As the Son of Man is in the midst of the candelabra, so is Christ in the midst of the Church
Caesarius of Arles
Video: Romanesque South Porch Tympanum Saint Pierre de Fronsac
An Artsymbol Production
Music by Martin A Smith
The Romanesque Tympanum of La Lande-de-Fronsac is situated above the south porch entrance to The Benedictine priory church of Saint-Pierre. La Lande-de-Fronsac lies fifteen miles north east of Bordeaux on the northern banks of the Dordogne river on the Tours Road to Compostela.
Its portal relief sculpture is singular in being the only monumental representation of the first theophanic vision from the Book of Revelation in Romanesque sculpture.
A partially legible inscription surrounding the semi-circular relief reads, “Johes VII eccliis que sunt … Ter VII candelabra aurea” references the text which is the source of the image.
On the lintel below we can read another inscription, “Principiu sine principio sine fine” meaning “beginning without beginning without end”, an amplification of the Alpha and Omega of the text.
The striking image at Fronsac shows the hieratic image of the Son of Man in a full length tunic standing with arms outstretched. From the left side of the head emerges a sword.
Immediately on the right of this dramatic figure is a circle containing seven daisy-like flowers, beneath which cowers Saint John the Divine.
Represented here is John’s vision on the island of Patmos addressed to the seven churches of Asia which are depicted on the relief next to his cowering figure.
According to the text, John is hearing a voice behind him which describes itself as the Alpha and Omega standing amid seven candlesticks. To the right of the figure of Christ amid a complex entwined vegetal motif one can make out the representation of the candelabra.
The crude execution of the stone carving only serves to enhance the elemental severity and latent violence of the image.
This is in keeping with the tone of the text which describes the Son of Man as having, “eyes as a flame of fire; and his feet like unto fine brass, as if they burned in a furnace; and his voice as the sound of many waters.”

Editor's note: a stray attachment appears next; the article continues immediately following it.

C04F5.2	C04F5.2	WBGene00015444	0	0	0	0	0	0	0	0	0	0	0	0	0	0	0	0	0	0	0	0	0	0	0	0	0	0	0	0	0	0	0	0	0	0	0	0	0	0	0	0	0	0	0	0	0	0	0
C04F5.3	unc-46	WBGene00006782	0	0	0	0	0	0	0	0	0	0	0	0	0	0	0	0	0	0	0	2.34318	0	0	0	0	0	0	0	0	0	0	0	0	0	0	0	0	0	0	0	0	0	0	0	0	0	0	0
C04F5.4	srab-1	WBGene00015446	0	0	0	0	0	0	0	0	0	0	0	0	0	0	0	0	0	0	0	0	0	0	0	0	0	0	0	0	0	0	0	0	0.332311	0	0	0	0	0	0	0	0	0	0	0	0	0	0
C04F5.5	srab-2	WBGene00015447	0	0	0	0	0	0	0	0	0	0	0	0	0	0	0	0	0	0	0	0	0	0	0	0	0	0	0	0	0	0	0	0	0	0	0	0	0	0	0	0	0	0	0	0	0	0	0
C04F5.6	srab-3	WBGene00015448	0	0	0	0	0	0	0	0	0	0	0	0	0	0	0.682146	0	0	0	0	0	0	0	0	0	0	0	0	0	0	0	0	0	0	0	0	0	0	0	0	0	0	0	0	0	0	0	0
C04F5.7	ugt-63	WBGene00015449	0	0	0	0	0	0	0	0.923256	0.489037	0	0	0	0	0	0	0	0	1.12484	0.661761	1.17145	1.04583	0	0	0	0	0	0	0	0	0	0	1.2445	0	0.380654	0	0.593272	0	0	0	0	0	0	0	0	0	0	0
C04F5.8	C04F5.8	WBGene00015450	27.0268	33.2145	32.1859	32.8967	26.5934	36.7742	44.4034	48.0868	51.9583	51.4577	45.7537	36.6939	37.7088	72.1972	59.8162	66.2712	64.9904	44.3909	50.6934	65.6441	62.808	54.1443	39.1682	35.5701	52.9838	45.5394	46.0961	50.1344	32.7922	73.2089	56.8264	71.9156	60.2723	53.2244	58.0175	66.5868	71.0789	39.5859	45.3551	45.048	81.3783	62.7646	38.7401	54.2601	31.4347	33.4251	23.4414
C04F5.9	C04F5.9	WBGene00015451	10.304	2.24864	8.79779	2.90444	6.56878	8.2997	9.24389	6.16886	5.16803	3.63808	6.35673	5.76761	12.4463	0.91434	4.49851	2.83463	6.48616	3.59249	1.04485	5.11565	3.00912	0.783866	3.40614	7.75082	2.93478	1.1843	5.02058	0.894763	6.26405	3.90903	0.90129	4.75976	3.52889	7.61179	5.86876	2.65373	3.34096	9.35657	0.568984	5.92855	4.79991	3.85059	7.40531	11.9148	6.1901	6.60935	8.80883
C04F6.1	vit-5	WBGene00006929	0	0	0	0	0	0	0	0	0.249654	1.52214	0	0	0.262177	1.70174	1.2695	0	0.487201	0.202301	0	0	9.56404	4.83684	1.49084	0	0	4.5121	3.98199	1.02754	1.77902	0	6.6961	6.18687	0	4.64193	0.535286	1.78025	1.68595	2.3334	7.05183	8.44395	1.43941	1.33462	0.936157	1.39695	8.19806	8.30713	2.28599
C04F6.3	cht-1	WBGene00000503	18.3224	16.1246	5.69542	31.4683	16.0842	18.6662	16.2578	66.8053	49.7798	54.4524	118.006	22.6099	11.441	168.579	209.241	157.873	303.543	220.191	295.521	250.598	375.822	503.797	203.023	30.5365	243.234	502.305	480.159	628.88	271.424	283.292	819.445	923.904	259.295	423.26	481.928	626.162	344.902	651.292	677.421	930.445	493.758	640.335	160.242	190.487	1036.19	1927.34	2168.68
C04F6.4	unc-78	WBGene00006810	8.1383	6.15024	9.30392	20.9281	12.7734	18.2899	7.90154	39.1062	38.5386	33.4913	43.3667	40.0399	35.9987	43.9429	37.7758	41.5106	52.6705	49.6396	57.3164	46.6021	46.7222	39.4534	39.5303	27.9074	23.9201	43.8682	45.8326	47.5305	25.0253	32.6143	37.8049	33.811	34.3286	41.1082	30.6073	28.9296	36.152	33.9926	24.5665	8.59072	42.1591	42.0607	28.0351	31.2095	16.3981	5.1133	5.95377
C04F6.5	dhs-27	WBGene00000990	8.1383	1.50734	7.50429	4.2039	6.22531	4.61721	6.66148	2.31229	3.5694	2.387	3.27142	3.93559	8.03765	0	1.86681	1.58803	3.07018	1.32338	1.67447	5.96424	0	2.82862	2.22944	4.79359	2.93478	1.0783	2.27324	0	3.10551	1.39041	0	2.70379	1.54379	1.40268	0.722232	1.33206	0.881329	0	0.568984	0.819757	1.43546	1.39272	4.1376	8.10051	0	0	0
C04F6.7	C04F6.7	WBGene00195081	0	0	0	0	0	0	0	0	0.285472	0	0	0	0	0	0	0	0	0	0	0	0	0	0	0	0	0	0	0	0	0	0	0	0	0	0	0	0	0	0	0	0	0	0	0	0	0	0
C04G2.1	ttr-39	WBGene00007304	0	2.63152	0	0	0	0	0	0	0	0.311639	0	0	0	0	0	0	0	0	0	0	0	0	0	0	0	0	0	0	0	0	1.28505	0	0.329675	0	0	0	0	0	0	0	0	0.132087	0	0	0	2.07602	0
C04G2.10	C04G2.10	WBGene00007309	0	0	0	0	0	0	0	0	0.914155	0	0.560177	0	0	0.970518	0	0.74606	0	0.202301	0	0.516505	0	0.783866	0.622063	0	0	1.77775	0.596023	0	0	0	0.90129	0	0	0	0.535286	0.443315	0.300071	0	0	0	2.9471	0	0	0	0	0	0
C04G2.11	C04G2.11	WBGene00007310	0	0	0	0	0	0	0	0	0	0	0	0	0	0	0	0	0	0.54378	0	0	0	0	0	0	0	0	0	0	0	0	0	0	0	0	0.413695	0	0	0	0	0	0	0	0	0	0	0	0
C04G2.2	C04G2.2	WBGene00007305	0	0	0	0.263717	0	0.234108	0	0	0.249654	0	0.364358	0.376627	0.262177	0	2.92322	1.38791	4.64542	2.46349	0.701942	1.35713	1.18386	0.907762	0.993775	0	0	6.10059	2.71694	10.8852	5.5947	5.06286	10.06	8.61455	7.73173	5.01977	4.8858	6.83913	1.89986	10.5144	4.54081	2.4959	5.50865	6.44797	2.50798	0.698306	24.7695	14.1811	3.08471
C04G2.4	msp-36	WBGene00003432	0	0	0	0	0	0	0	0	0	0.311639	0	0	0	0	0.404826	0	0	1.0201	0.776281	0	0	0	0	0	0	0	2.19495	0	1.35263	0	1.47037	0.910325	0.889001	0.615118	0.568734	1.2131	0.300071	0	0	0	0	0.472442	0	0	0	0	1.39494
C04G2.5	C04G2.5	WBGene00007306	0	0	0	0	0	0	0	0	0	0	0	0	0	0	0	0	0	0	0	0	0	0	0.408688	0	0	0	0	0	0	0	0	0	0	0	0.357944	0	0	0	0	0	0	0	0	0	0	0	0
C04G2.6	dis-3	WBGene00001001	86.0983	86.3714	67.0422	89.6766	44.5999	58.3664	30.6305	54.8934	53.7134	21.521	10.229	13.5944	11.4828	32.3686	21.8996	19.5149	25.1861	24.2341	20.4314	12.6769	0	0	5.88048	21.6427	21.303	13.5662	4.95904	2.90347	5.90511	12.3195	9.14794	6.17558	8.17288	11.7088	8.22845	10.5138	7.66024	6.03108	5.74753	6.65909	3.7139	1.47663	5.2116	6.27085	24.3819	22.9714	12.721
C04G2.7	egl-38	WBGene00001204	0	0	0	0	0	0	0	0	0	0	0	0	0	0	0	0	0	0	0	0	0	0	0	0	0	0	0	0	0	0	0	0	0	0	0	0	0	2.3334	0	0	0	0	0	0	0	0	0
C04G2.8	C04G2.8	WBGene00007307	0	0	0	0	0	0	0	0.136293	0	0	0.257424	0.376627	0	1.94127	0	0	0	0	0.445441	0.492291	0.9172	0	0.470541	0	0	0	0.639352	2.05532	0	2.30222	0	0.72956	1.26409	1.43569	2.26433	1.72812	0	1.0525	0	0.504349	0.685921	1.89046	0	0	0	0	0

This was an image of the deity, the sacrificial Lamb itself, as the agent of the sacrificial act.
The medieval exegesis to be found in the commentaries on the Apocalypse by Beatus of Liebana, Caesarius of Arles and Walafrid Strabo, explained this passage from Revelation as a representation of Christ’s sacerdotal role as the Priest Messiah.
Accordingly, the hieratic representation of the Son of Man with the sword emanating from the mouth indicated Christ’s priestly sacrificial function.
The seven stars, the seven candelabra and the seven churches were all symbolising the Church in its various forms, historical, spiritual, cosmic and Christ’s omnipresent permeation of it. This notion is represented on the Fronsac tympanum by the motif of the vine which extends into every space of the relief.
For Caesarius, Asia represented humanity and “As the Son of Man is in the midst of the candelabra, so is Christ in the midst of the Church”.
For Strabo, the attributes of the Son of Man in the vision, the tunic, the gold belt and the sword were attributes of priestly power and the son of Man was the underlying principle of the Father and the Holy Ghost.
The lintel inscription implied even more than the Alpha and Omega, that the Son of Man preexisted the beginning and continued after the End.
Biblio and Sources: Guyenne Romane, Pierre Dubourg-Noves, Zodiaque. “Les sept églises et Le fils de l’homme au tympan du portail sud au prieuré benedictin de la Lande-de-Fronsac” Mireille Mentré , Cahiers de Saint Michel de Cuxa 8 1977 89-103